Wednesday, July 09, 2008

July 8, 2008 - Darwin Dash, Day 11

Last night, when the tide came up, our anchorage behind the reef ceased to be as protected as we hoped it would be. Our cruising guide had described this anchorage has having a clean, gently sloping bottom, but instead we found a foul mess of coral and poor protection during the 2am high tide. I had trouble falling asleep, as I was was still traumatized by nearly parking the boat on the reef. But eventually, I was able to nod off. Sten fell right to sleep, helped along by a glass of gin (I'd call it a gimlet or a martini, but really, it was just a big ol' glass of gin), but around 11pm, the hobbyhorse motion of the boat jerking heavily on the anchor chain woke him up. And then we dragged. Sten spent the next few hours on anchor watch. This morning found Sten exhausted from anchor watch and me still anxious from yesterday's drama.

Luckily, the sailing today was terrific. We scooted along through turquoise waters, doing well over 8 knots with the assistance of the current. A pod of dolphins frolicked in our bow wake. Once we reached the Adolphus Channel, we found ourselves in deep and steep chop created by the combination of big breeze, lots of current and shallow waters. In these conditions, we had to hug the east side of the channel to allow a sheep ship to pass by us. We could feel the thrum of its engines as it passed to windward.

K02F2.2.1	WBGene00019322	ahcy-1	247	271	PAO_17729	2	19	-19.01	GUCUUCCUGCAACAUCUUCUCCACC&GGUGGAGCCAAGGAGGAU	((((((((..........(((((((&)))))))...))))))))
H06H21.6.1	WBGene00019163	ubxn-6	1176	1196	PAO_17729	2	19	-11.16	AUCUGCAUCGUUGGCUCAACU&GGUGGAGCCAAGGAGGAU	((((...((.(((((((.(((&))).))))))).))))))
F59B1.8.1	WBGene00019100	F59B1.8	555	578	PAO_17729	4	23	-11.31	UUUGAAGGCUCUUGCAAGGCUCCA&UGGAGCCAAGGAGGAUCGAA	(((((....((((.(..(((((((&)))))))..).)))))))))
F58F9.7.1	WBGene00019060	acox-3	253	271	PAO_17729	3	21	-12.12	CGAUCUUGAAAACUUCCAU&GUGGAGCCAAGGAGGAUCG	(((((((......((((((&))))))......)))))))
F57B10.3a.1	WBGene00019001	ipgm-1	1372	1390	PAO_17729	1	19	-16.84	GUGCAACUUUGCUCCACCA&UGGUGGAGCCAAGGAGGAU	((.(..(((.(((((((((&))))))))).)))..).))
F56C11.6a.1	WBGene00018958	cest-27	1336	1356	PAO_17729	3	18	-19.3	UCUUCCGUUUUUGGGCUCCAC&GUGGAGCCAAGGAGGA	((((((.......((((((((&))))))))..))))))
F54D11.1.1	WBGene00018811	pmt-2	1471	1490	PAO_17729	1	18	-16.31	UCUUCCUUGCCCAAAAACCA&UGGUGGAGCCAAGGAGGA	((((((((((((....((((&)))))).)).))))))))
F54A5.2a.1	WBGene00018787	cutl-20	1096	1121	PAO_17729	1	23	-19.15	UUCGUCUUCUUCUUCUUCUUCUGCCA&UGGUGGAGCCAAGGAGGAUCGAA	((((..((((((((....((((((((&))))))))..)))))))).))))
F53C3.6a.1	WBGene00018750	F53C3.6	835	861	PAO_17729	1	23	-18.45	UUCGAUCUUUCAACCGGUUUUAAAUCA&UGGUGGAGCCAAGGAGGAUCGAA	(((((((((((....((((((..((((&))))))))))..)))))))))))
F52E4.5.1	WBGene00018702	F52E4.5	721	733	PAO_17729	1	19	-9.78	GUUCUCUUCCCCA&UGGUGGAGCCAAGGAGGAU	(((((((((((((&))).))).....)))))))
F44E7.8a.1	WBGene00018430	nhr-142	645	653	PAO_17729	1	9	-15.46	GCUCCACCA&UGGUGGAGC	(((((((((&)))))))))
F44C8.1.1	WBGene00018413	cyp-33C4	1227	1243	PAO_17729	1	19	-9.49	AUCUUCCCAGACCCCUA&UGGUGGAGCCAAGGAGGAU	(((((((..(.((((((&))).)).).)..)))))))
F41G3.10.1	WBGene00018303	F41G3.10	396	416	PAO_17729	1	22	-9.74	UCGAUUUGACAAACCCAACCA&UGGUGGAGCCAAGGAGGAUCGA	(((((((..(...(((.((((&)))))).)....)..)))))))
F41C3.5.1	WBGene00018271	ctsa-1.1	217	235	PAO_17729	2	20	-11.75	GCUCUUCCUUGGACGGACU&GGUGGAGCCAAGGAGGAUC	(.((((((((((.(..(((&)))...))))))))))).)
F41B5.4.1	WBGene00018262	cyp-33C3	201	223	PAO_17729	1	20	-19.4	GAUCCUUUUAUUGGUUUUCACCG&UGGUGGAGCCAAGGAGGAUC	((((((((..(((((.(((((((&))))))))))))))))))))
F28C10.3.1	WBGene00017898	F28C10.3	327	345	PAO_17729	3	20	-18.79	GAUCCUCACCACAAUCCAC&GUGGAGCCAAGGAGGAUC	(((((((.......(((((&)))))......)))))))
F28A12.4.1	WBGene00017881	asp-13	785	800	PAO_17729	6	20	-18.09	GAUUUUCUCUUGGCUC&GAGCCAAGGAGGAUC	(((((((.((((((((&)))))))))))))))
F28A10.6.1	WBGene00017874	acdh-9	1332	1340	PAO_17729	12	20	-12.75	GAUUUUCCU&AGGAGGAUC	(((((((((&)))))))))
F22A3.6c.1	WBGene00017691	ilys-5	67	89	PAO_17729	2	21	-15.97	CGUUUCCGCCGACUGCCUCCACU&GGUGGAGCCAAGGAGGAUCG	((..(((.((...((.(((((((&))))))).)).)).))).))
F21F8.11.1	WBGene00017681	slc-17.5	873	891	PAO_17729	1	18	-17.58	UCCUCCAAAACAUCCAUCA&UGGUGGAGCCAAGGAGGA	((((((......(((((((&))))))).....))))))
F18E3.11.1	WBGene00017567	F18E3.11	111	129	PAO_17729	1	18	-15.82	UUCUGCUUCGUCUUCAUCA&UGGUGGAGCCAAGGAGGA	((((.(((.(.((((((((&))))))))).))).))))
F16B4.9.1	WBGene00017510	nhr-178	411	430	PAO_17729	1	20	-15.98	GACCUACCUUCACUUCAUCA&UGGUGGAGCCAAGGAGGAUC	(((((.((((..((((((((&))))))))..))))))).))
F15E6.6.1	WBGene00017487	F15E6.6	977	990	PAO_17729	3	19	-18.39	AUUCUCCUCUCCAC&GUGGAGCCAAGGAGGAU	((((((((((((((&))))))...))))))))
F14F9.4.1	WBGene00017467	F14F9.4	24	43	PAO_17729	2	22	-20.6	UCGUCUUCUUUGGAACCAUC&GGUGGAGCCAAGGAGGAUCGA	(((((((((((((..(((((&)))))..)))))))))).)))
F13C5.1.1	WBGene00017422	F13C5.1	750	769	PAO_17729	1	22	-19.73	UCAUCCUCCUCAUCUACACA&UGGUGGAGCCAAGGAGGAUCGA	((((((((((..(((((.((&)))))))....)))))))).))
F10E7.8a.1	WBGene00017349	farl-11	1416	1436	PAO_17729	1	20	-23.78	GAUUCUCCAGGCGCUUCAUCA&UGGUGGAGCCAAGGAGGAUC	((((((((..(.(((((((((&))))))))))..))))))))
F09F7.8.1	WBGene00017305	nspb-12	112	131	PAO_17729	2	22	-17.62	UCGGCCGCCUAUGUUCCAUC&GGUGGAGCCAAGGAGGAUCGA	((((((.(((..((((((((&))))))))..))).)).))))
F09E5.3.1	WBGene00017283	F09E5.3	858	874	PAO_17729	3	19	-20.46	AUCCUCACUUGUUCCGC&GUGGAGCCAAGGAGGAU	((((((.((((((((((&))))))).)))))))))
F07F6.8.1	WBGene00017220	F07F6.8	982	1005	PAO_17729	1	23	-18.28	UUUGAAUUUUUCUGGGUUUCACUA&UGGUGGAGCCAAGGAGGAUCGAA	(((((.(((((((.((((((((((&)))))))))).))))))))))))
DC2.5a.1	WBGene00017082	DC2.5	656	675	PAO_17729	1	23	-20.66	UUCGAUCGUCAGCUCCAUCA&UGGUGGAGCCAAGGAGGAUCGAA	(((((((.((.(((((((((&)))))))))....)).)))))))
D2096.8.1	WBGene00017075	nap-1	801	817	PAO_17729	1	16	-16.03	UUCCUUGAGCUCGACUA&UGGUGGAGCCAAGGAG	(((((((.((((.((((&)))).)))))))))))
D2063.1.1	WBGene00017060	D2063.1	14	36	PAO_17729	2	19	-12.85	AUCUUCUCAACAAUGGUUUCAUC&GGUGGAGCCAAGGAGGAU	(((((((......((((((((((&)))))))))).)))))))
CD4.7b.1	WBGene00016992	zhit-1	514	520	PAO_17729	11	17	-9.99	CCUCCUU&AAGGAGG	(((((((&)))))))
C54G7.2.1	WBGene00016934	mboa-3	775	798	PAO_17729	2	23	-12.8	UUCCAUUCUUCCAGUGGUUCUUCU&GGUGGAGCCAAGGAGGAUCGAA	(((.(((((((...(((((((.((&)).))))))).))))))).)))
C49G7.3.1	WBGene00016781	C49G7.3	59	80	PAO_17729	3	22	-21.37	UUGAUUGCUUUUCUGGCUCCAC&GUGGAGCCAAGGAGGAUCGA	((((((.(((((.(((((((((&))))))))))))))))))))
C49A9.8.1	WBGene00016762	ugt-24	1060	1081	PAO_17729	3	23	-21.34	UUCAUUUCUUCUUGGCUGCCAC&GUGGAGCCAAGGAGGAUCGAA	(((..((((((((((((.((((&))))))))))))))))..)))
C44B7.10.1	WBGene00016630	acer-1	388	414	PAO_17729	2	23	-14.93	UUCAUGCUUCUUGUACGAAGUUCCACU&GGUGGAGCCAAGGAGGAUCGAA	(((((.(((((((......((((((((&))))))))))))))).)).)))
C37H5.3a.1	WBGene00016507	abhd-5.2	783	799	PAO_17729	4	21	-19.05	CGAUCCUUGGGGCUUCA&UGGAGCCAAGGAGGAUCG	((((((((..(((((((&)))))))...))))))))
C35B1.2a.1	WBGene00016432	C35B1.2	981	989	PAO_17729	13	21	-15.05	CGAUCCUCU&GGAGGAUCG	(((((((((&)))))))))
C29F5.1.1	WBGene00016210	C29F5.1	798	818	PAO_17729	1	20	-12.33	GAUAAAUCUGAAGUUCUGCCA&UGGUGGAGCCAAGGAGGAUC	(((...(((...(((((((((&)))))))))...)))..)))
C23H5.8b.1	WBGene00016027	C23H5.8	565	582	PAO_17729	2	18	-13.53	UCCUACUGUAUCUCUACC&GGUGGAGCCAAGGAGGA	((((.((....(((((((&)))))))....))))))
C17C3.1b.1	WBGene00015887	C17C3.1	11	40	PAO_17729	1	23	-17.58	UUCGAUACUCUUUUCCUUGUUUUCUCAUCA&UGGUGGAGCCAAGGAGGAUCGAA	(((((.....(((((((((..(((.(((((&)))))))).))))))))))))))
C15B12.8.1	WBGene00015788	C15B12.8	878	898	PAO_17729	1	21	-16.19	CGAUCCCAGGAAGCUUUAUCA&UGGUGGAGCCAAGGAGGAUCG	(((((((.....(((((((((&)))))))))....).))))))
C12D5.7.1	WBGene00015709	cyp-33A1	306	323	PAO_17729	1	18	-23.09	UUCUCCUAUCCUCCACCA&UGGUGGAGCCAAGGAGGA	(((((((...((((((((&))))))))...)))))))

Just about that time we caught sight of Kika, as they were entering the Albany Pass. They left the anchorage behind the reef an hour before us this morning (as required by the rules of the Heavy Displacement Cruising Boat Division of the inaugural Over the Top Race, as written by me) to handicap Mata'irea for her longer waterline length. We might have caught her, but Kika got a boost from the flat water and current whizzing through the Albany Pass, and she passed the lighthouse at Cape York just in front of us.

At Cape York we departed Kika's company. She will be continuing on through the night towards Darwin, but we needed to pull in and make a few minor repairs before we jumped off on the final 750 mile leg of the passage to Darwin. We dropped anchor in Simpson Bay. The hills around us are covered by dry scrub, interrupted by a few giant ant hills and Aboriginal dwellings. There are pearl buoys dotting the water behind us. Torres Islanders are net fishing in the shallows in front of us and speeding by in their tin boats. Out on the reef, we could have been anywhere, but this, this feels like Australia.

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